And speaking of Rosary Beads…

beads

You got a nice white dress and a party on your confirmation
You got a brand new soul
Mmm, and a cross of gold
But Virginia they didn’t give you quite enough information
You didn’t count on me
When you were counting on your rosary…
“Only the Good Die Young”, Billy Joel

I’m a Billy Joel fan… a fairly big one in fact… but this particular song from his breakout album, “The Stranger”, never made much sense to me.  Only the good die young?  So if you are bad, then you can live longer?  Huh?

In any event, the song is about seduction and the resistance of one young Catholic girl to the protagonist’s advances.  In the pop tune, Billy Joel is trying every argument conceivable to promote his own personal and self-oriented cause including the disparaging comment about her tendency to pray by “counting on your rosary”.  Back when that song was popular, I remember feeling as though that disparagement was justified.  I mean, who prays the rosary, right?

Well, all these years later… I do.

It seems to me that there are two primary objections to the rosary.  Let me comment on both of them.

Criticism 1: Real prayer must be directed toward Christ.

Response: The rosary relies on the intercession and aide of his mother to do exactly that.  The rosary is scripture-based and contains reflections on twenty “mysteries” spread across four groupings: Joyful, Sorrowful, Glorious and Luminous.  These include critical moments from the Gospels including the nativity, finding Jesus in the temple, the agony in the garden, the crucifixion and death of Jesus, the resurrection, the wedding feast at Cana and so on.  The groupings are used on different days of the week and after praying the rosary on a regular basis, the one who prays reflects thoughtfully on Jesus and the Triune God to whom all prayer, especially the rosary, is most certainly directed.

Criticism 2: Prayer is a dialogue with divinity but the rosary is just mindless chanting of words.

Response: One can certainly mindlessly chant words when saying the rosary but contemplating those words and the beauty and mystery they contain is… well, a better approach.  And, as stated above, reflecting on the mysteries of Jesus’ life and the Gospel events is anything but mindless.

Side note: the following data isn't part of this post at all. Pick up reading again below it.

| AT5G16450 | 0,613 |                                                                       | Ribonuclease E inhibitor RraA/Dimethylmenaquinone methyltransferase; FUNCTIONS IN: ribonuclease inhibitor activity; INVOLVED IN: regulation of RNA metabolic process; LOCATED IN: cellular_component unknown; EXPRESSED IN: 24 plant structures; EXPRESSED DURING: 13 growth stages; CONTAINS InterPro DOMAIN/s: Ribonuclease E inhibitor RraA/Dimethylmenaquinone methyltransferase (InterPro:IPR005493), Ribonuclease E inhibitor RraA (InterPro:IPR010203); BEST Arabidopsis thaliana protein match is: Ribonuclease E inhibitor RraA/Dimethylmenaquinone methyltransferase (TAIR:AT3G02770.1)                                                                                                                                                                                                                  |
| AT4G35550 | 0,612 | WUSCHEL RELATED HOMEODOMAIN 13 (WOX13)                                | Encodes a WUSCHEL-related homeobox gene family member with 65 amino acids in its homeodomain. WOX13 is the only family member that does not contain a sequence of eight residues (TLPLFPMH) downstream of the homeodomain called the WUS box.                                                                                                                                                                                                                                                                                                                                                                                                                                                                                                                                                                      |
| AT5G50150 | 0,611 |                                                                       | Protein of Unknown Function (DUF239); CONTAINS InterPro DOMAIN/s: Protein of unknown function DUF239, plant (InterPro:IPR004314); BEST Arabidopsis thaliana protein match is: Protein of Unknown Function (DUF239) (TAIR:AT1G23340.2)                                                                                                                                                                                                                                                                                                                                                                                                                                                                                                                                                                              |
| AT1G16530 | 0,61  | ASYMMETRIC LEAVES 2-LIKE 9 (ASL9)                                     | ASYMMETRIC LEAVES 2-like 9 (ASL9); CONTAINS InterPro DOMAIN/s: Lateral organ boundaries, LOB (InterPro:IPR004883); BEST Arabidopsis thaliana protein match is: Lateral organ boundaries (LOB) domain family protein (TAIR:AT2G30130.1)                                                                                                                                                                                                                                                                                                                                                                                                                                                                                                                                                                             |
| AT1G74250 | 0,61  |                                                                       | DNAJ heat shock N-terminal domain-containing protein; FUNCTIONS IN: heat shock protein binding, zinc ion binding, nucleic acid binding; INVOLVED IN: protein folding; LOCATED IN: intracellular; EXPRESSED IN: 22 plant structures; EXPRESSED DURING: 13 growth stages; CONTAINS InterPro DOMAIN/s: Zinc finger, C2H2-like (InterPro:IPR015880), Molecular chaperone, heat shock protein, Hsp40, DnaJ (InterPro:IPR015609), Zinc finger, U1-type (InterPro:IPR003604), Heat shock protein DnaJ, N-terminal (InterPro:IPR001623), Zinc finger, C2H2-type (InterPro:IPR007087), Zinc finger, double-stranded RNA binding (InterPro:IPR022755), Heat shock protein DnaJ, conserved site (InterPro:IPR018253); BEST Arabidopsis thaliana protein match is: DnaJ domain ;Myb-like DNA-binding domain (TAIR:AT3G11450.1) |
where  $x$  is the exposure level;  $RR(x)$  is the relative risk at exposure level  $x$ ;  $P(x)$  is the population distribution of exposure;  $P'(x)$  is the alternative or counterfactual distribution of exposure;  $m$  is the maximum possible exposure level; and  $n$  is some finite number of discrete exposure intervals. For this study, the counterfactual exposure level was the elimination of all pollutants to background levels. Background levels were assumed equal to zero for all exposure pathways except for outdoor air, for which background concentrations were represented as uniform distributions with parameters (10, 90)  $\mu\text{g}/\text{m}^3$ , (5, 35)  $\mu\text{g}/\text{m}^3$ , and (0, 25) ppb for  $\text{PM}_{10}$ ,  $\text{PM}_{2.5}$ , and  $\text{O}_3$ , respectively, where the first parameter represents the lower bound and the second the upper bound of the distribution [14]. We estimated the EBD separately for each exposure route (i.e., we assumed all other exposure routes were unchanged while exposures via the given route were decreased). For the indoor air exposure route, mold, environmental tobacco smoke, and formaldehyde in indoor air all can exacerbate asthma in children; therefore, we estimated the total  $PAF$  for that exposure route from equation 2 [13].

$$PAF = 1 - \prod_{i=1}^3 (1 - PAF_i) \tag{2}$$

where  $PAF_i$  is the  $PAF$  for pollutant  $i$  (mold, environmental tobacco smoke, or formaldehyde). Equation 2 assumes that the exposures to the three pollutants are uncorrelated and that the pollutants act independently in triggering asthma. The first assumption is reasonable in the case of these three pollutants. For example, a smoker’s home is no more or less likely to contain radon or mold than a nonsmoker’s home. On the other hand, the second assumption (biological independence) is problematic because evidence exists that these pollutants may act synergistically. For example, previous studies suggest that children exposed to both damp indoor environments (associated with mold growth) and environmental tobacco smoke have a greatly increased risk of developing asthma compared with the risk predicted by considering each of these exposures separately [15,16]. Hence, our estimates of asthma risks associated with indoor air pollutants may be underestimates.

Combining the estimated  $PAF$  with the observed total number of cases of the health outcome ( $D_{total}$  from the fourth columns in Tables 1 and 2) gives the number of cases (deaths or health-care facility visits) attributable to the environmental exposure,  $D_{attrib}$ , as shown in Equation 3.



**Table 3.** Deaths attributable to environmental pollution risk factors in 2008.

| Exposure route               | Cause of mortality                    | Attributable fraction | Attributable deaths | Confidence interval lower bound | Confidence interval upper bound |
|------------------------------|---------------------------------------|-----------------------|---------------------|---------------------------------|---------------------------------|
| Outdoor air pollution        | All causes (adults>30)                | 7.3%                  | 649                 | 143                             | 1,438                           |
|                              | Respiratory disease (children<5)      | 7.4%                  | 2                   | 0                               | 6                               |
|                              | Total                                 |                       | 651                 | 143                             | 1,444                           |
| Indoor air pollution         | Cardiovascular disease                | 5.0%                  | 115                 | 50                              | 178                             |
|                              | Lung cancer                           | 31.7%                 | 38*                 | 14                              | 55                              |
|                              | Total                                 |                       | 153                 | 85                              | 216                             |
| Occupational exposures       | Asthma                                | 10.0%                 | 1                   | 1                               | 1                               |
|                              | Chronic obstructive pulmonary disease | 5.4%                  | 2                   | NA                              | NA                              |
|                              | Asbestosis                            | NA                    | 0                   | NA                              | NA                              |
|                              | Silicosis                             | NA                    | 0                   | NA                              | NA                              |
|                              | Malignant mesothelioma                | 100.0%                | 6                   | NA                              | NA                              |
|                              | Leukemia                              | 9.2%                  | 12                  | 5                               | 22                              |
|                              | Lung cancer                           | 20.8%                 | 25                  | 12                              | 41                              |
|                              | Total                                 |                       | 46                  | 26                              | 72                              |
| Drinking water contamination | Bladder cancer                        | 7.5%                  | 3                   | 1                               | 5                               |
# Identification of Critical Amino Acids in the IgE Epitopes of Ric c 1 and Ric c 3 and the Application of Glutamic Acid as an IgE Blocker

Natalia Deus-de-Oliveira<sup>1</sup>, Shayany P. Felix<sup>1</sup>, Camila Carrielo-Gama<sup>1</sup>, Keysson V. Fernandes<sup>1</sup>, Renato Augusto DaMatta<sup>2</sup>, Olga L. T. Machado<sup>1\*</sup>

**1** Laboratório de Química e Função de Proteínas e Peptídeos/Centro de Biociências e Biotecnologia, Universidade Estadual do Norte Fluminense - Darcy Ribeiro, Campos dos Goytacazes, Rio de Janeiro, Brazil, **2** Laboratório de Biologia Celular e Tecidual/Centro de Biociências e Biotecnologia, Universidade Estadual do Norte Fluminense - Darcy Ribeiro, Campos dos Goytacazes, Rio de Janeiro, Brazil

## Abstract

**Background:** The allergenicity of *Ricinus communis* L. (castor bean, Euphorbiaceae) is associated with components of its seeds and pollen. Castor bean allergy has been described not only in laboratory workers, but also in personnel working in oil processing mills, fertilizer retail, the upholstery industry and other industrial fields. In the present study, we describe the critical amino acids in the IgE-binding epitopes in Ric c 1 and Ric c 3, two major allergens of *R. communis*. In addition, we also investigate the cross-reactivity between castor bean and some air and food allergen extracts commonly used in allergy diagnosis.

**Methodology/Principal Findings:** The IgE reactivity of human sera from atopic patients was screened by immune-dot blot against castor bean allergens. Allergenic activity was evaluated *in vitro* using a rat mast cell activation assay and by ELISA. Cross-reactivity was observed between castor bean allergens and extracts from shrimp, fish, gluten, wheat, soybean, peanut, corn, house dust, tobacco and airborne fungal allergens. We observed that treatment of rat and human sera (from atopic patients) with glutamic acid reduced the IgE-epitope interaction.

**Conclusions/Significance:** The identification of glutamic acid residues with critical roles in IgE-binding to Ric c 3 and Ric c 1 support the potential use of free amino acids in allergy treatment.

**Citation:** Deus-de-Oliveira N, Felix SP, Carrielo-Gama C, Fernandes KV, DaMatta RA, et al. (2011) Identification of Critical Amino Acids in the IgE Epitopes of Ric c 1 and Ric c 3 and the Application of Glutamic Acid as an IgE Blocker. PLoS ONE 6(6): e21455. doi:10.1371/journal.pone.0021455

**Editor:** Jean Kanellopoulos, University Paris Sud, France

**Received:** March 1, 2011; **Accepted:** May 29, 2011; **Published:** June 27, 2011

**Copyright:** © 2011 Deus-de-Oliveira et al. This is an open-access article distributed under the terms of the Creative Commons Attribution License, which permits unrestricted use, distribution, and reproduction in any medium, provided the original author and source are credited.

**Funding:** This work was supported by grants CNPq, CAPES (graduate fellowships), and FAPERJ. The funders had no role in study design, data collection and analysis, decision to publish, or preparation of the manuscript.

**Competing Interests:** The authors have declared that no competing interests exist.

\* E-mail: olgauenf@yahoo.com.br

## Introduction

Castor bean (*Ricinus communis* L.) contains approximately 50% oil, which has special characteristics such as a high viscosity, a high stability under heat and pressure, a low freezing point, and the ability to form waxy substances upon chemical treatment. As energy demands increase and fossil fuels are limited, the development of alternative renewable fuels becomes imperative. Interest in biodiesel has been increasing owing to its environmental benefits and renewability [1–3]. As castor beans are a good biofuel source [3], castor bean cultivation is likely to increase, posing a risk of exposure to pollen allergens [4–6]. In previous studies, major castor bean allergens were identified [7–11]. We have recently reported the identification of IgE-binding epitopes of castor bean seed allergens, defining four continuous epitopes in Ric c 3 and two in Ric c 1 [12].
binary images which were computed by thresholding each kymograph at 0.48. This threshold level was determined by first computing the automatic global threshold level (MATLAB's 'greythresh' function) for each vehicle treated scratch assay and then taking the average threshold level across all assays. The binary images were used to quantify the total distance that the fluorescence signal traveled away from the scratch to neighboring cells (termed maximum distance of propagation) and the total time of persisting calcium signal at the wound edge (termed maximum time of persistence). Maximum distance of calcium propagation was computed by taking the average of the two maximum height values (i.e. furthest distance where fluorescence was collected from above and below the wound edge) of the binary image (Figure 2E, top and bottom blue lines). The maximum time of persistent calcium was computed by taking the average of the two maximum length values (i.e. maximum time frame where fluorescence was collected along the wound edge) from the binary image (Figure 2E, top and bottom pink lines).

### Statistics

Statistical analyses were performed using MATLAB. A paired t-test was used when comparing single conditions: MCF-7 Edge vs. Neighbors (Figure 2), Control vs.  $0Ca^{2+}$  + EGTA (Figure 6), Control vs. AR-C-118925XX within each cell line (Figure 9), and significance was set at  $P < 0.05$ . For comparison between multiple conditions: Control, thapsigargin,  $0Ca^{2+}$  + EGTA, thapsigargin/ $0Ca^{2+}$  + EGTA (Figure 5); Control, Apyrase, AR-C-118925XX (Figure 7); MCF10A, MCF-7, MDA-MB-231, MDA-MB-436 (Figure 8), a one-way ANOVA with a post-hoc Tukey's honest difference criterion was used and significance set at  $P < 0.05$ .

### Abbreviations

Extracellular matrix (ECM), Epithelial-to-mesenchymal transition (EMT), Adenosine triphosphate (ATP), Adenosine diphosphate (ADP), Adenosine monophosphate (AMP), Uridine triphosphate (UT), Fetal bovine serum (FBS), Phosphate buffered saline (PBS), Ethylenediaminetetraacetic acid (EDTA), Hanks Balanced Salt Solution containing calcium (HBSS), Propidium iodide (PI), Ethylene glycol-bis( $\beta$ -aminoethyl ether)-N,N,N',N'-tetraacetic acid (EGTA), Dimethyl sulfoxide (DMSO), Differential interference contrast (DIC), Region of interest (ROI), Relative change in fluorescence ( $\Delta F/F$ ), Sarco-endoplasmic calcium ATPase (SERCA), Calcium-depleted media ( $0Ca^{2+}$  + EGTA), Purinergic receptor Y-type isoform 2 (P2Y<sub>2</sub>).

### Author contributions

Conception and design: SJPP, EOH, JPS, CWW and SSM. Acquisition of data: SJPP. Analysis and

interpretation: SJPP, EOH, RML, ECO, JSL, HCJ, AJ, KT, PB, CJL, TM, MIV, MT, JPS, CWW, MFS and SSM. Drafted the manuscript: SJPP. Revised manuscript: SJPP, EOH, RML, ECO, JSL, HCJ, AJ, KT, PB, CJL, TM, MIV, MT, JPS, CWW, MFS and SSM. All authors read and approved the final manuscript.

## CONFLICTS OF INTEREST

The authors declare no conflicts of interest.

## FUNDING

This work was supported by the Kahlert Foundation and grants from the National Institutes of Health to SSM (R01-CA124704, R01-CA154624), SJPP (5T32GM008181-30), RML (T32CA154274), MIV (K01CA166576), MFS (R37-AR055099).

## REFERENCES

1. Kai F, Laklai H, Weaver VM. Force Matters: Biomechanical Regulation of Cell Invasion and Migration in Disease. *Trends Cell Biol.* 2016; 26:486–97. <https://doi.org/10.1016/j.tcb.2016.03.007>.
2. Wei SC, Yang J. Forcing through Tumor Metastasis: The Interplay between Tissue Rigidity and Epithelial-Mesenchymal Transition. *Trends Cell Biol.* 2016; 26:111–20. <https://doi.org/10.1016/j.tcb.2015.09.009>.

But, now I’ll throw in a little plug for mindless chanting.  Anyone who meditates or prays using contemplative methods can appreciate the peaceful state one can achieve by focusing on rhythms, such as the rhythm of breath.  I just read a book on meditation by Jon Kabat-Zinn, considered a pioneer of the mindfulness movement, and he speaks of the power of rhythm.  Of focusing on breathing, the ticking of a clock, a musical beat, repetitive physical motions such as through knitting, the pulsation of waves upon a beach… and the impact that these can have on reaching that peaceful state.

The rosary prayer can be used in this manner and can help create a cadence to one’s prayer life as well.  Commuting time, early morning walks, down time during the day… can become regular moments of prayer, ones we come to rely upon as they become part of the routine of our lives.  And sometimes we don’t notice that these routines are forming until we miss a day and feel their absence.

The rosary can be a most helpful vehicle to find such rhythm in life and to move us toward contemplative peace and mindfulness, all squarely focused on Jesus.

And finally… and there is no analysis possible here, no logical argument worth offering… prayer through Mary to her son works.  It simply does.

But the rosary is not like the spare tire in the trunk of your car.  When you are need, you call upon it to get you out of a jam?  No, it is about regular practice, it is about that cadence.

Catholics and many Christians hold that Mary occupies a singularly unique position in all of history.

She was the mother of God. 

She was born without sin.

She said yes when asked to accept her role.

She provided Jesus’ humanity.

This is a unique role indeed.  But it well may have been a lonely road, one she needed to take all by herself.  It was probably glorious, joyful and luminous at times.  We know it was also sorrowful.

In our prayer, as we bring our high points to our Creator… and as we offer our lowest points too… Mary understands.  She loves her son.  She is our intercessor.

Try the rosary.

Here are some good instructions.

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